My name is Chassy! I am a bear. A brainy bear. I talk about brains because want to be a brainscientist! I want to share the things I've learned and help people understand themselves.
I've got a personal blog, so if you still want to follow me and be my friend, please go to that one!!
Click on the Table of Contents to get started!
The Effort-Driven Reward System is a pathway that converges the striatum, the prefrontal cortex, and the limbic system into the nucleus accumbens. That is, the centers of movement, thought, and emotion all connect into motivation. And this entire road is severely affected by depression.
Can’t summon the energy to move? Striatum.
Can’t concentrate or think rationally? Prefrontal cortex.
Can’t feel happy no matter how hard you try? Limbic system.
Can’t feel motivated to do a damn thing? Nucleus accumbens.
This doesn’t explain all of depression (my other posts talk about that), but it does tell a heck of a lot. This highway is easily damaged by depression, which in turn makes depression even stronger, creating a cycle so destructive you can’t even get out of bed, things are that shit.
And how are you supposed to penetrate it and cut the cycle off? You can’t control the limbic system or nucleus accumbens, because these are located in the midbrain, a place that is pure instinct and no thought.
The keys here are the other two. The prefrontal cortex requires heavy retraining and rewiring through cognitive therapy, which is hard to do if you have no motivation. The other is the striatum, where you have to move in order to jumpstart the system.
The big word though is effort-driven. You can’t just do any movement, you have to do something with meaning. Drawing, writing, cooking, taking up crocheting or building birdhouses - exercise your creativity. Say what you will about your shitty _____, if you look back at a masterpiece that you just created and go holy shit, I fucking made that, I guarantee you’ll feel at least a little pride. And that’s what you’re looking for, trying to penetrate this system.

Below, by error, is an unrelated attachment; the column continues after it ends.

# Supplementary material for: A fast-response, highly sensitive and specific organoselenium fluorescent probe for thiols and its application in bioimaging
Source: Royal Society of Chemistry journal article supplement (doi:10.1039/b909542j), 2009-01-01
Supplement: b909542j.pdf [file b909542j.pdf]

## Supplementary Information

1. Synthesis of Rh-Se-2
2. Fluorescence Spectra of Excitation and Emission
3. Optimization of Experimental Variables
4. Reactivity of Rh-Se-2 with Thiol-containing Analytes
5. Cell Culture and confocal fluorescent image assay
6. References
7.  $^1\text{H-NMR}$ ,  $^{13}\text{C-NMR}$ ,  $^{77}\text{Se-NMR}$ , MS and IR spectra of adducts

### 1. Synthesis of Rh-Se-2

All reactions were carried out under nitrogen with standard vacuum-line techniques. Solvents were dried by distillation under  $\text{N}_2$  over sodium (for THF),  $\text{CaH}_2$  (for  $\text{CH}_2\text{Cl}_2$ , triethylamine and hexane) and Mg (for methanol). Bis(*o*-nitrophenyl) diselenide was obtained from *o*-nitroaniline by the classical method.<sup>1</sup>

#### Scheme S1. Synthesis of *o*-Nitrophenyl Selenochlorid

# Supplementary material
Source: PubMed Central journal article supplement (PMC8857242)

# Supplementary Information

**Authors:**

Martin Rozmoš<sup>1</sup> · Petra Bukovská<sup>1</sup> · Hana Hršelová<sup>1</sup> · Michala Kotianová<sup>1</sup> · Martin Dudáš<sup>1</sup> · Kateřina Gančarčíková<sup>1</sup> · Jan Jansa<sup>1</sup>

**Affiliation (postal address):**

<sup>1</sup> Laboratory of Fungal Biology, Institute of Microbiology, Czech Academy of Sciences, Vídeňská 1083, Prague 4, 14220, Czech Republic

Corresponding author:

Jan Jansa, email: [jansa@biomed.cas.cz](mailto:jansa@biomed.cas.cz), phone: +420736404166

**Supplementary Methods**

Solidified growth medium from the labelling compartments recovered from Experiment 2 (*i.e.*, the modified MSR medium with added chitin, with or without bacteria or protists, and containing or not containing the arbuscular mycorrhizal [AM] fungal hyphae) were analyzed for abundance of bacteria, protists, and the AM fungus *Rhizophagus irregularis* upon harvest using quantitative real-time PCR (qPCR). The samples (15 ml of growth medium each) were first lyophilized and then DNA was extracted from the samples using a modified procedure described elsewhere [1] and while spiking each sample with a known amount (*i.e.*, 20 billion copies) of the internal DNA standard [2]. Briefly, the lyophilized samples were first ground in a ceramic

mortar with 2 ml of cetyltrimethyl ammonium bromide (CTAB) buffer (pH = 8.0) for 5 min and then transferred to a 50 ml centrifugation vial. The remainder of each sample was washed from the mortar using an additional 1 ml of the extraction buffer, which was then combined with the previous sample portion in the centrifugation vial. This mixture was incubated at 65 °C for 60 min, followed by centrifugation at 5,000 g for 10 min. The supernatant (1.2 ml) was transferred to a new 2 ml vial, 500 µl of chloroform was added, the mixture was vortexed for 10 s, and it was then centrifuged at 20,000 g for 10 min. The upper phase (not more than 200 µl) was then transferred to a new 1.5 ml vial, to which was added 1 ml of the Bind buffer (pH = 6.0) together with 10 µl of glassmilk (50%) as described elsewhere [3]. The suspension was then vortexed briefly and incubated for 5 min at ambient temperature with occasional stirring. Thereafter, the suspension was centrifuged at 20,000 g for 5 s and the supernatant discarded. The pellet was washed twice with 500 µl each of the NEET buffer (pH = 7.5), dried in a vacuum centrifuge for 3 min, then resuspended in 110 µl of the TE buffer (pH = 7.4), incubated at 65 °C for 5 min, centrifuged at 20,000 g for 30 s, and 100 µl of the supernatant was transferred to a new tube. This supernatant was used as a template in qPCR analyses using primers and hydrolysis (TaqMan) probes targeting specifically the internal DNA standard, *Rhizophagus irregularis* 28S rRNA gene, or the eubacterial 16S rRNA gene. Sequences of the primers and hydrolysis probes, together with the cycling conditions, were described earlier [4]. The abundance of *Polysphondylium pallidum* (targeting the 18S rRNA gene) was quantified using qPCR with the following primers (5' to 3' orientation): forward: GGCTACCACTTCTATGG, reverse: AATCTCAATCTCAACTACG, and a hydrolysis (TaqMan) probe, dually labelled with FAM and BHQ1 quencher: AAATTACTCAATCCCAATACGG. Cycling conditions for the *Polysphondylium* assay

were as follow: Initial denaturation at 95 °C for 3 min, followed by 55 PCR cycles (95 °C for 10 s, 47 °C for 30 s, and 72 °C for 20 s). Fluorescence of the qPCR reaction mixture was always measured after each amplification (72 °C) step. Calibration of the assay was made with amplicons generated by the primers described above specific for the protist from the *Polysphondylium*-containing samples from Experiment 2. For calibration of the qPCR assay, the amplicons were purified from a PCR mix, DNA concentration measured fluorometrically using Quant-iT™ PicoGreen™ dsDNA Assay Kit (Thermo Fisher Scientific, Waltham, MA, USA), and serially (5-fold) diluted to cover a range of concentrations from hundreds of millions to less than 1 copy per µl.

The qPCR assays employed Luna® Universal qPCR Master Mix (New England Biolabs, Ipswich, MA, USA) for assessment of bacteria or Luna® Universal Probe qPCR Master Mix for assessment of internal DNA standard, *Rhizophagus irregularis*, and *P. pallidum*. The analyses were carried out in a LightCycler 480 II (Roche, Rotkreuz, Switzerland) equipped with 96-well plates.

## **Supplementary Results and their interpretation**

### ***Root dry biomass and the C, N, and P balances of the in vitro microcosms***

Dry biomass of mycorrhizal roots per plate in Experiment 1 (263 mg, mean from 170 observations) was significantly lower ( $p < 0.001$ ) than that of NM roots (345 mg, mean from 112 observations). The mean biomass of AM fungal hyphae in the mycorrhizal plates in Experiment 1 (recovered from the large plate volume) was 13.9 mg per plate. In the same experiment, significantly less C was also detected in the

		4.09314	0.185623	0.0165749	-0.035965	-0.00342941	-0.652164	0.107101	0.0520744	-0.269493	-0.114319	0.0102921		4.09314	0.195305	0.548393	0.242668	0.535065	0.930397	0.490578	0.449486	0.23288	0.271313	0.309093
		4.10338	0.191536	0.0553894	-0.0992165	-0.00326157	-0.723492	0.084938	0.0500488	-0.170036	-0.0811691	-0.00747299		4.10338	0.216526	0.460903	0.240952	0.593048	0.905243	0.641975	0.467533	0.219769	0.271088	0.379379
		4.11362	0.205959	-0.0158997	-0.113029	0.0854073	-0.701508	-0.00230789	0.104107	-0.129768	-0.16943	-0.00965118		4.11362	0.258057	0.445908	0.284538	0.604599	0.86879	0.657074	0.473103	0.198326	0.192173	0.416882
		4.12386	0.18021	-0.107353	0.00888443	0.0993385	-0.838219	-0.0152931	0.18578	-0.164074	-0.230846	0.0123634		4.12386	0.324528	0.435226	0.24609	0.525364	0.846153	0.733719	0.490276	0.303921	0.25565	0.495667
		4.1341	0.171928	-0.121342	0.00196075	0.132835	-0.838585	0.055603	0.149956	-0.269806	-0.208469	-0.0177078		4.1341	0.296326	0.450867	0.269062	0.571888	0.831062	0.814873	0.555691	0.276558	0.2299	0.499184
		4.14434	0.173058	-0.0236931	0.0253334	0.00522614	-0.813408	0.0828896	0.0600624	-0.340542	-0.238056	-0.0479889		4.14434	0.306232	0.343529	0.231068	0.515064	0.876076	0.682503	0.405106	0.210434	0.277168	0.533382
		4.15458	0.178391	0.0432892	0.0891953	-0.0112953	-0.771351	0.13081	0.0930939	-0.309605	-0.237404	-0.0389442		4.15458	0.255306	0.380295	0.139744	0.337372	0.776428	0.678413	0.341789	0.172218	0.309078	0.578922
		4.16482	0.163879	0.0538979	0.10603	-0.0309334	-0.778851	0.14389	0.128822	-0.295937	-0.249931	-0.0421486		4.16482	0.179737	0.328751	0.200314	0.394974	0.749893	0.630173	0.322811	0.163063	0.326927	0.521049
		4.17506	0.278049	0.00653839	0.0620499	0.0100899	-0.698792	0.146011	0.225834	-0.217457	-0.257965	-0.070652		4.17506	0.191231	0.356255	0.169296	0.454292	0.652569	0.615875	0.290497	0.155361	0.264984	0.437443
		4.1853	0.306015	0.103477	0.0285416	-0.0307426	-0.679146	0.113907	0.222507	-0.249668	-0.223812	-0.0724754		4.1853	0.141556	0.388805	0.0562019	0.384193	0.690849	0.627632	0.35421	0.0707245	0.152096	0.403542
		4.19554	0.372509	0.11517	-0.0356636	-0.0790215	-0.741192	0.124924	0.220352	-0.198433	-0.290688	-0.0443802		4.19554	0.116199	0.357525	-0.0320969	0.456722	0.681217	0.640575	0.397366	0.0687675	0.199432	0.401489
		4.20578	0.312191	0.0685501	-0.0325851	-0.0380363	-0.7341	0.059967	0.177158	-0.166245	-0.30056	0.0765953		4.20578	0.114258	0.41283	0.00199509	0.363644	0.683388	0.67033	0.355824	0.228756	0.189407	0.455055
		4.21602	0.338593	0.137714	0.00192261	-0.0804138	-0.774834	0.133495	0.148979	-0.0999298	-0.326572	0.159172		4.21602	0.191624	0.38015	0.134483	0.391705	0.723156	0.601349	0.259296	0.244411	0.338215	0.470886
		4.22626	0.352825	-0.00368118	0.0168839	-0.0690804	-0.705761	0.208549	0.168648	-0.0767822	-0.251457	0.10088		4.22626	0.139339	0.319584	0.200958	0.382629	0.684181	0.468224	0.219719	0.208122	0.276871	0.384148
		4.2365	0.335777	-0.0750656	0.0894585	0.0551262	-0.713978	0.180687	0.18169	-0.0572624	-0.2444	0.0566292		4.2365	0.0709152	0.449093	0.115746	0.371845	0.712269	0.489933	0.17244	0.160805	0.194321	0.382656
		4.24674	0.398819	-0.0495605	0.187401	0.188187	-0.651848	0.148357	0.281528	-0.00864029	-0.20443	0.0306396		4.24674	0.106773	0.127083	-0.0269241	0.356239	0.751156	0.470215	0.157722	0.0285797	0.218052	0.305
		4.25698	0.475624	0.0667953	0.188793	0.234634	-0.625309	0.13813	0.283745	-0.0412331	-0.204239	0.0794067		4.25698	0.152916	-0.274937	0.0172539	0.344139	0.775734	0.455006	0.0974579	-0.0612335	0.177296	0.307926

If you keep exercising your brain, using this effort-driven reward system, and doing what you can to do meaningful work with your hands, you may just kick it back into gear.
Neurotrophins are brain fertilizer, and your brain loves the shit out of the stuff. There’s a special brand of this miracle-gro that’s called BDNF that’s all the rage in the academic community nowadays, and is easier to type than neurotrophin, so let’s talk about that.
BDNF is that stuff that makes your neurons sprout, grow, and branch out beautifully. Babies spray that stuff all over the place when they’re developing, and adults need it to keep up their lovely brain garden. The more BDNF you have, the healthier your brain, the more active your brain, and the longer your brain’s gonna live.
Unsurprisingly, people with depression or other mental disorders have very low levels of BDNF, which does a number on their brain garden. Modern antidepressants like citalopram and other SSRIs actually increase BDNF levels in the brain, which is great. The problem, though, is that BDNF is only fertilizer and can only encourage neurons to grow, which takes time and energy, and until then those new neurons are extremely vulnerable. That’s (probably) why it takes so long for antidepressants to take effect - an entire three weeks, usually, because that’s the amount of time it takes for those new neurons to grow and branch out.
Whether you’ve got a disorder or not, one way to increase BDNF levels is to exercise often, usually cardio. Eating healthy also helps - antioxidants defend your new neurons from free radicals.